Aaron by Philip Heath
Aaron is featured in Chapter 5, on page 261 in Black Dolls: A Comprehensive Guide to Celebrating, Collecting, and Experiencing the Passion. The vinyl doll was made in 1998 in a limited edition of 500. Aaron measures 39in/99.06cm. There are two vinyl versions: Aaron I and Aaron II. Their outfits differ. Other than that, I believe they are one in the same. My doll is Aaron II.
My Aaron was originally featured here along with other dolls made in Germany and again in a blog post featuring dolls dressed in school attire where he wears clothing and shoes my grandson wore when he was three.
In the image on the left, Aaron wears his original fashion: white T-shirt, long white pants, tan corduroy vest, white baseball cap, with white socks and canvas sneakers.
After learning that my doll did not come with his booklet, Portrait of Aaron by Philip Heath, the owner of the doll that inspired me to purchase mine, photocopied her booklet and mailed it to me.
Doll collectors are such wonderful people.
Sculpted in the likeness of a real child, in Portrait of Aaron, Heath shares in his own words and through illustrations what inspired the doll's initial porcelain sculpt, which was later produced in vinyl by Götz of Germany. About the real Aaron, Heath wrote:
Aaron has wonderful enthusiasm, a willingness to be captured by fleeting ideas which send him into a riot of activity. At other times he is quiet, dreamlike -- almost frozen in thought!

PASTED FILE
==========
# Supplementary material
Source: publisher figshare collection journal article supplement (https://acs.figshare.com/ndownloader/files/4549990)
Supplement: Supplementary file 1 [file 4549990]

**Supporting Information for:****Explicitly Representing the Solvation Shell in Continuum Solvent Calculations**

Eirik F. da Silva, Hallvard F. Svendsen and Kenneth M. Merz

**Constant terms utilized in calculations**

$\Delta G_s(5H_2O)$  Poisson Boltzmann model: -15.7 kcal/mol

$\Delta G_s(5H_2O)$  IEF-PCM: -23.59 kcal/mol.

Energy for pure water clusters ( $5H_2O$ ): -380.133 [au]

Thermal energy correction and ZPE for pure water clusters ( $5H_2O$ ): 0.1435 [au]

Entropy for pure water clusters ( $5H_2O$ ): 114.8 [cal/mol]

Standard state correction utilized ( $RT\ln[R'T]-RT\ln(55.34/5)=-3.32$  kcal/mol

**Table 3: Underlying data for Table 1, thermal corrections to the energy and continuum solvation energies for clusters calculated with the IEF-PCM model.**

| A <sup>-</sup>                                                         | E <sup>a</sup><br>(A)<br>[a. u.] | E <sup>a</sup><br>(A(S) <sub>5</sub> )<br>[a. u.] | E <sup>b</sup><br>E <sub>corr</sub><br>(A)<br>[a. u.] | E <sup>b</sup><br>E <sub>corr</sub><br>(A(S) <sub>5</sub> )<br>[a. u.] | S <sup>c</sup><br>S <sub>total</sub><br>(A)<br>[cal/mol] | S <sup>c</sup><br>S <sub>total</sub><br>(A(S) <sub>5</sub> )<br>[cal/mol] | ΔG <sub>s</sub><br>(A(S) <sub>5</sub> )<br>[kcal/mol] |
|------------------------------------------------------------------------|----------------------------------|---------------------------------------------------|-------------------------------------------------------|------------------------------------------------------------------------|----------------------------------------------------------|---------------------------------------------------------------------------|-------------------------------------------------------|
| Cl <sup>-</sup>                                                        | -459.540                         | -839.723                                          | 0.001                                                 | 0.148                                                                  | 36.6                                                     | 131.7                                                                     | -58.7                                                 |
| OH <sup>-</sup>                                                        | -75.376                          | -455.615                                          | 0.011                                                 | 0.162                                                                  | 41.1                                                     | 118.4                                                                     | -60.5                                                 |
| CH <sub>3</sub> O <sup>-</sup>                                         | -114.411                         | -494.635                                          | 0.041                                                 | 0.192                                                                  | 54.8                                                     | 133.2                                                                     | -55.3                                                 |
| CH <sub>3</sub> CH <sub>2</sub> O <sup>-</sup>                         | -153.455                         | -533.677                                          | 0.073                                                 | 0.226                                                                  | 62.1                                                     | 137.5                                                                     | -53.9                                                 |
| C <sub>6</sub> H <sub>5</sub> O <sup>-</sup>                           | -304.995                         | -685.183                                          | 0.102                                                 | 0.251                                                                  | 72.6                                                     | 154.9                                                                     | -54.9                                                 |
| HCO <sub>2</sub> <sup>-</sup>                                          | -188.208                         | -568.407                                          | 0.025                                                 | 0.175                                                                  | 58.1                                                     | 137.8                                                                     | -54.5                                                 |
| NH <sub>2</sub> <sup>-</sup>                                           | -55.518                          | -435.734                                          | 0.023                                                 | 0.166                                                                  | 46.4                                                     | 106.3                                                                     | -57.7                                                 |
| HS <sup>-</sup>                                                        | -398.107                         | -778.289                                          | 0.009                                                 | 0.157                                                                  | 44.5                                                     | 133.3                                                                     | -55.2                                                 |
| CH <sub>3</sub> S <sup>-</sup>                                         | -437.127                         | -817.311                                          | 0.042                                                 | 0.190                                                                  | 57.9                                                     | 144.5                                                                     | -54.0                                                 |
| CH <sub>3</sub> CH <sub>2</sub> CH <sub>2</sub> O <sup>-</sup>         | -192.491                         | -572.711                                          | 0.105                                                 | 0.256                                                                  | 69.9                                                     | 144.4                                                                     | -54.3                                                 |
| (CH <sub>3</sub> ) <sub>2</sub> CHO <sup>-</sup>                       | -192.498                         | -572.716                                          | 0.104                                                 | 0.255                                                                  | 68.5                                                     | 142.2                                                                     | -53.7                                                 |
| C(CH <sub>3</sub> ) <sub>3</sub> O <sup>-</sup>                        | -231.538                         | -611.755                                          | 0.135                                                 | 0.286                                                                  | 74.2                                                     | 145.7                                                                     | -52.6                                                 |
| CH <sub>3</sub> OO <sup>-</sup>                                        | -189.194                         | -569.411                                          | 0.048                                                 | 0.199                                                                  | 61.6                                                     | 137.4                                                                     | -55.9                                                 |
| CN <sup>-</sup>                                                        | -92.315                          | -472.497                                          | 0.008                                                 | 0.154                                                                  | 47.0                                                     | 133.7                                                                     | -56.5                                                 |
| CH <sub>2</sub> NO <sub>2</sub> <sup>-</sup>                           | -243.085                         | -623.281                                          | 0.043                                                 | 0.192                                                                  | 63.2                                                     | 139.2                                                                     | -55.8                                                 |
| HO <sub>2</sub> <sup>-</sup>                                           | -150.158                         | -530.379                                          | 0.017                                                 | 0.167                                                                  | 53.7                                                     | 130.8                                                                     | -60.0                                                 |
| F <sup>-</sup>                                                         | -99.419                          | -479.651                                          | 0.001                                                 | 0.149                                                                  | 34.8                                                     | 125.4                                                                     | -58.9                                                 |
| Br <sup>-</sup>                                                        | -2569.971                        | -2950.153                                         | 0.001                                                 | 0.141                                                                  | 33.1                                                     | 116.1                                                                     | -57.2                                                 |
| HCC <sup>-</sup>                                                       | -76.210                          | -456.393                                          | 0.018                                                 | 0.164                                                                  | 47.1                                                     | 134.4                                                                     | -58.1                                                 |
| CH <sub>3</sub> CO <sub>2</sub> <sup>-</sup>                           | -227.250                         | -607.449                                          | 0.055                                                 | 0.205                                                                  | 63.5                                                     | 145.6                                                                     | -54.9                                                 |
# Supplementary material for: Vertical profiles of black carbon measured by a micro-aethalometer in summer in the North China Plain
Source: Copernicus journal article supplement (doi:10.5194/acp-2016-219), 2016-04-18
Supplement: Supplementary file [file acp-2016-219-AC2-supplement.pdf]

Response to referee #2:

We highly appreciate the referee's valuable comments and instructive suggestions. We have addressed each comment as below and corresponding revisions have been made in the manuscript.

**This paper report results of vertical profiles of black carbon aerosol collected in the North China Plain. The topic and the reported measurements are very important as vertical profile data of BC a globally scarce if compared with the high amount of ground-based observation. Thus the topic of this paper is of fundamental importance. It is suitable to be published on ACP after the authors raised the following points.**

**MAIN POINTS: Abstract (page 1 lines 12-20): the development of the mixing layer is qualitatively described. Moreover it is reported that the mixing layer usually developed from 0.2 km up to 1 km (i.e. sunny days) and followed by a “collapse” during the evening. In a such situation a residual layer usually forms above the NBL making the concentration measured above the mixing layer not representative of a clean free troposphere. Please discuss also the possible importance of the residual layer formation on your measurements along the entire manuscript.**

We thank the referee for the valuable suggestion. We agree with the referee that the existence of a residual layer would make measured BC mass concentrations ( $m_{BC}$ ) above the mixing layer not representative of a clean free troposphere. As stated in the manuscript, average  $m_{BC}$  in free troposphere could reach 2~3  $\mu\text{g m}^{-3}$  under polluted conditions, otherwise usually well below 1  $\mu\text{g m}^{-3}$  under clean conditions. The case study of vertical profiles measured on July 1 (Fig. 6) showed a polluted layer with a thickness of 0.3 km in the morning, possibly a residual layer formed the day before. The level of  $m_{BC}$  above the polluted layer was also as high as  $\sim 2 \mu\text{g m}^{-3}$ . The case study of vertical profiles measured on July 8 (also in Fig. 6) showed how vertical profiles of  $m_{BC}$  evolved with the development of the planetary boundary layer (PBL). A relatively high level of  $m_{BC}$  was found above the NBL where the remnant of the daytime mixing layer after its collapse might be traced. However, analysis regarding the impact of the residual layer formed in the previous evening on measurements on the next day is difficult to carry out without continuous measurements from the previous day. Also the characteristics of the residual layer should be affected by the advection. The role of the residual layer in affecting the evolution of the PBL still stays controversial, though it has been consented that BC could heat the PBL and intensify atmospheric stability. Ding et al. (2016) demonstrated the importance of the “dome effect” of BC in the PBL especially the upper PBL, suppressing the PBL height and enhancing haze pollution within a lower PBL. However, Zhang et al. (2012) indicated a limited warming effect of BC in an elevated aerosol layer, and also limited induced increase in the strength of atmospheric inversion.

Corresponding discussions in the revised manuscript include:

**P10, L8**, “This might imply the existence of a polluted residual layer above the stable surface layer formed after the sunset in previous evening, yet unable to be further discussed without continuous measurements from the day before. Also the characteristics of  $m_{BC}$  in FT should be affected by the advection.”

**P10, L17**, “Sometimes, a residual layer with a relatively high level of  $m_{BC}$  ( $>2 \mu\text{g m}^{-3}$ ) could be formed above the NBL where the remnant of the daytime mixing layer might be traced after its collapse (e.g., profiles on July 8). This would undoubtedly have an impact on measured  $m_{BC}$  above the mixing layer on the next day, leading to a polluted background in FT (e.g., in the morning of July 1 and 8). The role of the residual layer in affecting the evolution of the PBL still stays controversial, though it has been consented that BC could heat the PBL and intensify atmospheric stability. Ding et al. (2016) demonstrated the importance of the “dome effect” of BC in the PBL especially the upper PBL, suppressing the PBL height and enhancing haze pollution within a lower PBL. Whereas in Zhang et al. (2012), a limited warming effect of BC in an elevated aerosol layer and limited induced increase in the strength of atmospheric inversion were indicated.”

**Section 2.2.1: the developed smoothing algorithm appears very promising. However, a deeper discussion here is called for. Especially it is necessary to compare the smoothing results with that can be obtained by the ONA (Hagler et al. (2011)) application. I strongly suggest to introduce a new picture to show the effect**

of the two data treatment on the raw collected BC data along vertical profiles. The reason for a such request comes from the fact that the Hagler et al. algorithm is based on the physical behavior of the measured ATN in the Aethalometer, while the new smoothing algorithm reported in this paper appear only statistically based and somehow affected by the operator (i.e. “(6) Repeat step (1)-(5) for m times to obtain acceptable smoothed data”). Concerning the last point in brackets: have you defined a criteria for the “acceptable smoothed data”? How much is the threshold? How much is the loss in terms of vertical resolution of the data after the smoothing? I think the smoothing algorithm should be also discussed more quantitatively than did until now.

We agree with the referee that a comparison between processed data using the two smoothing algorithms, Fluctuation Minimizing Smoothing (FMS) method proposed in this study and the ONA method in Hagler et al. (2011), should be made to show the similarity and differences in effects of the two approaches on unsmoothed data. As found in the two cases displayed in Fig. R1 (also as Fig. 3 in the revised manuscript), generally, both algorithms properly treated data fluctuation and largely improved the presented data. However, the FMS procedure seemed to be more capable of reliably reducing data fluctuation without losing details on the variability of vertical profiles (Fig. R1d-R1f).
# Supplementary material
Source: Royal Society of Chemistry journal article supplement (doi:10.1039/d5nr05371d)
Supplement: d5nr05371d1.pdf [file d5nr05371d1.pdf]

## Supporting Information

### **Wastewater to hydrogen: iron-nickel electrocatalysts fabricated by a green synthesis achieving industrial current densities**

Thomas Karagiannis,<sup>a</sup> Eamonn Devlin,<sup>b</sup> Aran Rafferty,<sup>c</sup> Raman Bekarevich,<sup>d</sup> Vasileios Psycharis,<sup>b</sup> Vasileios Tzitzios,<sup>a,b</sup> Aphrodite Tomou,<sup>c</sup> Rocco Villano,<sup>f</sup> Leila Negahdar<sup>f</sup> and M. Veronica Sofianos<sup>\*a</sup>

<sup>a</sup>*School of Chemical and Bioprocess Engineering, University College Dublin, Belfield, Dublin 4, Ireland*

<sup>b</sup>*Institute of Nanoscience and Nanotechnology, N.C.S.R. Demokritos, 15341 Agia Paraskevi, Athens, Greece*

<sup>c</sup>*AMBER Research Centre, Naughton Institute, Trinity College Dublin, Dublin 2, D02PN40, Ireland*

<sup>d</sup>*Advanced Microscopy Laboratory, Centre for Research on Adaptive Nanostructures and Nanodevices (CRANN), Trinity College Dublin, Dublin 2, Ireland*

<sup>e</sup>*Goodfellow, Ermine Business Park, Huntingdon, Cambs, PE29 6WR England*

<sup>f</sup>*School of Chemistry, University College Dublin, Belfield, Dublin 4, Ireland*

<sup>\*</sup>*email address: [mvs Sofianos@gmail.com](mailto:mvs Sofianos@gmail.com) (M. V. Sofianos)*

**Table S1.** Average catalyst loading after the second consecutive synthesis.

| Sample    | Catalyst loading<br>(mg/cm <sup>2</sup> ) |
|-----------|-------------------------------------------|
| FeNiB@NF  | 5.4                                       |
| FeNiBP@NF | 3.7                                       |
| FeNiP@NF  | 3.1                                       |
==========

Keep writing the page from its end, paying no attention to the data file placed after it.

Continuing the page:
Later in the booklet, as the porcelain version neared completion, Heath questioned:
The frightening part! Did I do too much or not enough, will the painting, the eyes, eyelashes and clothing strengthen the work or lead me away from my goals?
Because the booklet contains images of the real Aaron, I can answer Heath's question with a resounding, "No. You did not do too much. Aaron, the doll, is perfect! I love him!"
Near the end of the booklet, Heath continues:
This process -- from photographs to finished vinyl portrait took one year. Aaron has grown, as is the way with children, and I have visited and phoned him during this time. He has been an important part of my thinking and feeling -- and through my work he became part of my life. I hope that the porcelain, the vinyl sculpture and this book will be acceptable to him in his life, and to his family.
The final page of the photocopied version of Portrait of Aaron reads:
A celebration of ART and caring
made possible through a partnership between Aaron,
Cultural Accents/Detroit, Barat Child and Family Services/Detroit,
Goetz Dolls/U.S.A. and Götz Puppenfabrik GmbH/Deutschland.
Interestingly, years before Aaron was made or before I became aware of the doll, my doll collecting path briefly crossed that of the owner of Cultural Accents/Detroit. During our doll-related phone conversations, probably three at the most, she confided in me that she knew Philip Heath and that he was one of her favorite doll artists. I remember her saying, "I love him!" This woman had also recently become an adoptive mother, of a young male child.